Teachers and students all over the country are now stuck at home with their class pets

BlackBerry the hamster enjoys some special attention.

(CNN)Turns out classroom critters are also quarantining due to coronavirus concerns.

As schools across the world close their campuses because of the pandemic, parents and teachers have found themselves with an additional house guest for the foreseeable future.
Here are some class pets that have joined families in self-isolating.

      Mr. Nibbles, the guinea pig

        When Misty Ramirez's daughter Gabriela came home with her class pet, a guinea pig named Mr. Nibbles, the plan was to take care of him for a few days.
          "Our family actually had a conflict on our assigned weekend, so we were offered the chance to take him home over spring break, which was last week," Ramirez said.
          Gabriela and Mr. Nibbles.
          But because of the coronavirus, the family in St. Louis, Missouri, is now happily stuck with Mr. Nibbles for at least a few more weeks.
          Ramirez said the guinea pig has been a "great distraction" for Gabriela, who is an only child. She's even made toys and obstacle courses for him.
          However, Cassandra, the family's 16-year-old cat, is totally uninterested.

          Voldemort, the fish

          Anna Gausepohl, a sixth-grade science teacher in Louisville, Kentucky, was finally able to get back into her classroom on Monday to pick up the supplies she'd need while school is closed.
          First, she grabbed all her science materials. Next, she picked up the class' pet fish, Voldemort -- of equal importance -- and "got out of there."
          Louie the dog and Voldemort the fish.
          "I'm happy to have the fish home so I can care for it while we are out of school," Gausepohl told CNN, "We don't potentially go back until April 20th, so I wanted to make sure I was able to feed the fish."
          While fish aren't the most entertaining pets, Gausepohl said her dog, Louie, is enjoying the company.

          Dani, the female bearded dragon

          Humans make great teachers assistants, but bearded dragons make even better ones.
          Since school was let out, Texas elementary school science teacher Ashlee Rinestine and her family have been spending their long days with her class pet, a female bearded dragon named Dani.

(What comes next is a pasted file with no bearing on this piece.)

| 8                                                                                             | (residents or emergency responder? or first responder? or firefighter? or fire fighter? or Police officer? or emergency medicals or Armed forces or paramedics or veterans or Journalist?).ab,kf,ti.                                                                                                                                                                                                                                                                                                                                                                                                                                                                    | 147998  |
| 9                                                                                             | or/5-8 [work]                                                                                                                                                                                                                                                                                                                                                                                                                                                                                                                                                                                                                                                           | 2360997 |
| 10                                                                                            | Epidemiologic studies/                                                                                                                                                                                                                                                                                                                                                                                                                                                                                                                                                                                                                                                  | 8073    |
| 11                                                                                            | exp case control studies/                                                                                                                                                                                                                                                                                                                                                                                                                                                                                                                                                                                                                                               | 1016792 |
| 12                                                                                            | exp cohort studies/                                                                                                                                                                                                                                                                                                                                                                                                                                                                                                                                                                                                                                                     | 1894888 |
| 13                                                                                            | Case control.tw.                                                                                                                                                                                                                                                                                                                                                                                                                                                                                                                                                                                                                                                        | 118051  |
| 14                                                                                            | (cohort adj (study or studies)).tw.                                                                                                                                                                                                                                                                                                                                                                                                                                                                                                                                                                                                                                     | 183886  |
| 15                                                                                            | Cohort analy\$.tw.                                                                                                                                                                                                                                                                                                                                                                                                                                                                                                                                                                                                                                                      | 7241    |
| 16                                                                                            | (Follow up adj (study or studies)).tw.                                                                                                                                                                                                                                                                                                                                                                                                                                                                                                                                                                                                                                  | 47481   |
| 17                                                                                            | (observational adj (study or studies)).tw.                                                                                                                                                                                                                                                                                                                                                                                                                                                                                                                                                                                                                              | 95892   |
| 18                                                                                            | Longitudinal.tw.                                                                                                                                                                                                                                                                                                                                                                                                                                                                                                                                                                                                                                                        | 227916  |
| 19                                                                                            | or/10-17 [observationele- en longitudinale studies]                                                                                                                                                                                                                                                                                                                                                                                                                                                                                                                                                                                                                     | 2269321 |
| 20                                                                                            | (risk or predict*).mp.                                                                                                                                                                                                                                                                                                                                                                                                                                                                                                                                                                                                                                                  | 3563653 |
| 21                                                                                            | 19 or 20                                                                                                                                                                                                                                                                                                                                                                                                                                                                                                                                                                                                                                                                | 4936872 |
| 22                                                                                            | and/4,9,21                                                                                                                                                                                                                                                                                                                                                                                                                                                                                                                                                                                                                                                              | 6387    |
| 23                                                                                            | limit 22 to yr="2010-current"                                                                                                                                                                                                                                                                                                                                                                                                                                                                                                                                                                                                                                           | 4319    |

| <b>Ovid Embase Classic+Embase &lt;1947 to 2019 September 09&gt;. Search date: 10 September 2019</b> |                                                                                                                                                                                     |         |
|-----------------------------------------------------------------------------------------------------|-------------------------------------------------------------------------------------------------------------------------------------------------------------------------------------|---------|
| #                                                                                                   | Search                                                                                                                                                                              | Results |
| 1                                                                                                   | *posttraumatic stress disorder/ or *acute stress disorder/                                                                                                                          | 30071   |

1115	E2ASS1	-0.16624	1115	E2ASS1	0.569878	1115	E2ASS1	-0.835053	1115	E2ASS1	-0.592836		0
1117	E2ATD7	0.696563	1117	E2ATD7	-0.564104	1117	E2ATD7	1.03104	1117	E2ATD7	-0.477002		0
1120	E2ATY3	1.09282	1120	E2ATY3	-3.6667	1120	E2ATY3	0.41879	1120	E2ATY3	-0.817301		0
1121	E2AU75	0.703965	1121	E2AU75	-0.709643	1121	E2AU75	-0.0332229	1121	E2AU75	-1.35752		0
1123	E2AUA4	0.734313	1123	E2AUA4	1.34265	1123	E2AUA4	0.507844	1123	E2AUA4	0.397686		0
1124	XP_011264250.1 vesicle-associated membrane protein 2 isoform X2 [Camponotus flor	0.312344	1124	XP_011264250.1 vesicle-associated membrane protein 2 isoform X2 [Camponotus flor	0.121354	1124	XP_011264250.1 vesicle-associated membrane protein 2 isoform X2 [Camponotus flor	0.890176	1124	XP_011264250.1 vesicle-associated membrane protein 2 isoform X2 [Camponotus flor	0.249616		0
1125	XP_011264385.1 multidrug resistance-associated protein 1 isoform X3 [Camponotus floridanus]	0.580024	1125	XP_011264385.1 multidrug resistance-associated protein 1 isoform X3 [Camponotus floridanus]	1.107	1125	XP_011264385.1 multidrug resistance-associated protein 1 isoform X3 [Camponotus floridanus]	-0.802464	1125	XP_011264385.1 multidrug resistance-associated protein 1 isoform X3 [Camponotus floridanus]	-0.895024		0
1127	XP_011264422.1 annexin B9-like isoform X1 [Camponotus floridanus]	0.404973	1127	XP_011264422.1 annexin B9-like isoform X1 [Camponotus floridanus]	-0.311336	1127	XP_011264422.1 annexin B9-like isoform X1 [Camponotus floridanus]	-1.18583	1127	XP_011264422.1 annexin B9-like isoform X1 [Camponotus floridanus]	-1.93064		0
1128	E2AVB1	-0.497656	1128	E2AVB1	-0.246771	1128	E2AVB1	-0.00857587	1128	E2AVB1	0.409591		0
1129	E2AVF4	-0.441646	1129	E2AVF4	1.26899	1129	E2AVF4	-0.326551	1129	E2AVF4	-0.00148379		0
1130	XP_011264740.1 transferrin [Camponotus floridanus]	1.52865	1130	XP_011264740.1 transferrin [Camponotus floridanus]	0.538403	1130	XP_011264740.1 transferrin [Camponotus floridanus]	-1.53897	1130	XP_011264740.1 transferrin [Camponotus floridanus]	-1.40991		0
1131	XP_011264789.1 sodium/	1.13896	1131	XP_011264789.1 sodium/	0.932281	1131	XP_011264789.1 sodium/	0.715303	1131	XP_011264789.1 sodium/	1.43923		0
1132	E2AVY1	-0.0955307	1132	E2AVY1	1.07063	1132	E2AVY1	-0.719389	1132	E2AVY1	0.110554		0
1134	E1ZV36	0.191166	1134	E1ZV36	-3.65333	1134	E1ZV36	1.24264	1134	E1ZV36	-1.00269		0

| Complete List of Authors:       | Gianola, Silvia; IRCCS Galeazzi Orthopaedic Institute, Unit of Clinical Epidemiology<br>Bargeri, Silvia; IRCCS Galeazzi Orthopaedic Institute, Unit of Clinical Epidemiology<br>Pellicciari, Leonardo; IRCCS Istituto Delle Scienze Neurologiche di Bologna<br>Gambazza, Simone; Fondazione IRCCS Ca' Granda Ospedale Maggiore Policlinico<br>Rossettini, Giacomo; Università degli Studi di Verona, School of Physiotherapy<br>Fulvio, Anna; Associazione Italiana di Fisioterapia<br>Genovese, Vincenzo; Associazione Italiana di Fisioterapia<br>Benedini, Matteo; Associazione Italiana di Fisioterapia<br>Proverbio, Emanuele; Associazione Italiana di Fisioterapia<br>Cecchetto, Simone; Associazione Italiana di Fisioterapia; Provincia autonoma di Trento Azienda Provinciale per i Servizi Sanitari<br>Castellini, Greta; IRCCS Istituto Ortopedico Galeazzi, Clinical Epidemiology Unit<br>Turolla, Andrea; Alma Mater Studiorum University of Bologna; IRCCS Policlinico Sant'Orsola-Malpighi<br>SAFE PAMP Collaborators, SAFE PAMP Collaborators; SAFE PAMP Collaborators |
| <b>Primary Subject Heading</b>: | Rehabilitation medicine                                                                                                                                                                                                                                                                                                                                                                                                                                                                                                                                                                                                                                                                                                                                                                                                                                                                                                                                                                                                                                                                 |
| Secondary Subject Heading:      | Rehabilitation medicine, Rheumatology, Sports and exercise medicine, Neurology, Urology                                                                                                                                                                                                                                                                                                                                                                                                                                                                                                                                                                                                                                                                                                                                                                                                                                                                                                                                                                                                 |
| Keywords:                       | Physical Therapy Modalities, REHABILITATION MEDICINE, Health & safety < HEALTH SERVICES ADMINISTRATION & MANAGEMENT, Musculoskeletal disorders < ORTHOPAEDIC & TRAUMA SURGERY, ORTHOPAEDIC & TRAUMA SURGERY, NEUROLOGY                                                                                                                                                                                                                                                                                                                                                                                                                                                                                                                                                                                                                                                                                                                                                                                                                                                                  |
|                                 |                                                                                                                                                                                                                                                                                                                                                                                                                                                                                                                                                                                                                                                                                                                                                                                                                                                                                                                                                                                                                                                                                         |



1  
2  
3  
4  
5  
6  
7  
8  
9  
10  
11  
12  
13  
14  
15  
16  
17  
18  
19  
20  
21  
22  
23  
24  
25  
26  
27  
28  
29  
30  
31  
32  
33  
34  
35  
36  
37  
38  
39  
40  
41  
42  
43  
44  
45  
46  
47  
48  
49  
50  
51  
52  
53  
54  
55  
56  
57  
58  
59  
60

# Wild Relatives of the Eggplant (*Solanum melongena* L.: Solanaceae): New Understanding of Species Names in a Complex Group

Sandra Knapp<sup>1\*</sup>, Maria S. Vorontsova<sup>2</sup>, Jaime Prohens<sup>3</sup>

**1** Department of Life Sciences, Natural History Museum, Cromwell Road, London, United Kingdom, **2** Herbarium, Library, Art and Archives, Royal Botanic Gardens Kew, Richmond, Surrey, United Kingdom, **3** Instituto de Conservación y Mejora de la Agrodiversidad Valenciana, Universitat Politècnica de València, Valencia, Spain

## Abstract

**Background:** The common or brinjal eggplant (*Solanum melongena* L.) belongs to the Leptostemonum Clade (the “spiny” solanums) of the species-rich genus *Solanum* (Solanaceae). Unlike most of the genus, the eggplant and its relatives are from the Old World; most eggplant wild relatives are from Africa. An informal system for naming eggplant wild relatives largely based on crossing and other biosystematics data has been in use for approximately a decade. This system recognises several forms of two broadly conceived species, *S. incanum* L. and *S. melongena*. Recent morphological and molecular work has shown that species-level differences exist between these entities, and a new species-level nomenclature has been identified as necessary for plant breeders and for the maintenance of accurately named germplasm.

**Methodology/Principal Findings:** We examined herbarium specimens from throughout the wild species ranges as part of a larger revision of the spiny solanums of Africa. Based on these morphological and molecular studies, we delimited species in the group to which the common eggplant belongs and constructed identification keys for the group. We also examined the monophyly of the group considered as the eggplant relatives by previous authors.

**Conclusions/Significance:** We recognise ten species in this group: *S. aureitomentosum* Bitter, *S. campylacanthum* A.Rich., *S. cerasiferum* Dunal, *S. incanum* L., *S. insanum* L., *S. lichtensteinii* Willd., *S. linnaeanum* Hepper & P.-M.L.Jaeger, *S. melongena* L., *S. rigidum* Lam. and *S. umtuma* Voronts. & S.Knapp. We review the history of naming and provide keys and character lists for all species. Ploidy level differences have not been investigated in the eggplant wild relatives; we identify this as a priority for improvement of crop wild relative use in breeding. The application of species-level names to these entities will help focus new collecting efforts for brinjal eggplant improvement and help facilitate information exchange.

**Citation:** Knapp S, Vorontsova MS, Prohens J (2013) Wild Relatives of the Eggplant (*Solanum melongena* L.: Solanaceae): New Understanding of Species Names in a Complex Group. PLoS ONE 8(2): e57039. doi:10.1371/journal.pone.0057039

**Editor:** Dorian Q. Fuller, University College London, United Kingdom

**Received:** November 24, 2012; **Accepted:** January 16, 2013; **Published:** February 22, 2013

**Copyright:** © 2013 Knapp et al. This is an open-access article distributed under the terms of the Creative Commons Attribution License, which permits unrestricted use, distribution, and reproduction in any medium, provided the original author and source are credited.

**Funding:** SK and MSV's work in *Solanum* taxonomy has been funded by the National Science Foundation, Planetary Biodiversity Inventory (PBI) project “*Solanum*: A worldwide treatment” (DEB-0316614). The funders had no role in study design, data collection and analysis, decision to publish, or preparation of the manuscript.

Dani, the female bearded dragon.
          "My family and I love Dani," Rinestine told CNN of their reptile house guest. "My husband gets her out of her terrarium each day to hold her and interact with her. And my son likes having her hangout with him while he's watching TV."
          Dani, who enjoys being held and hanging around her human friends as much as possible, also loves "helping" Rinestine teach her at-home learning classes.

          Tazzy, the gender-neutral bearded dragon

          Ginny, a second grader in Fayetteville, Georgia, was the first to volunteer to take home her class pet over spring break. Now, the gender-neutral bearded dragon named Tazzy, or Taz for short, has become a semi-permanent member of the family.
          "We were actually at the end of our first week of a three-week end-of-quarter break when we got the news that this could be quite a bit longer," Ginny's mom, Leslie Hester, told CNN.
          Tazzy the gender-neutral bearded dragon.
          "It has been a great distraction. It helps bring home something I try to teach my kids anyway -- turning inward makes things worse and more overwhelming; but focusing on helping someone, even a bearded dragon, outside of yourself puts things back into perspective."

          Blackberry, the hamster

          When fifth-grade teacher Lauren Doran's school in Fishers, Indiana, closed because of the coronavirus, she made the "quick decision" to bring home their class pet.
          Since then, the hamster named Blackberry has been receiving a lot more attention than she's used to, thanks to Doran's daughter.
          "My daughter is obsessed and gives her lots of attention and exercise," Doran told CNN. "My son could care less. Blackberry is likely getting more attention from my daughter than she gets from the students at school. We're glad she's safe and taken care of."
          BlackBerry the hamster enjoys some special attention.
          Since hamsters don't require much care, the adults in the house have been quite fine with the arrangement, she said.

          The three friendly stick insects

          Luna Parry's 5-year-old son Tristan is quite the fan of nature ... and bugs.
          That's why his kindergarten teacher at his London school asked him if he would like to be the one taking care of their class pets -- their three unnamed stick insects -- while school was closed.
          That was an offer he was more than happy to accept.
          One of the three stick insects Tristan is now caring for.
          "His teacher asked us at pick up on the last day of school, and we were like, 'Erm ... OK." We found it funny, though. We are quite happy, although we've got a cat, so we have to keep an eye on them," Parry told CNN.
            "Overall, we are happy that our son cares about nature and we are proud of his decision."
            Tristan and his dad have been spending their days building the insects a house and collecting privet leaves to feed them.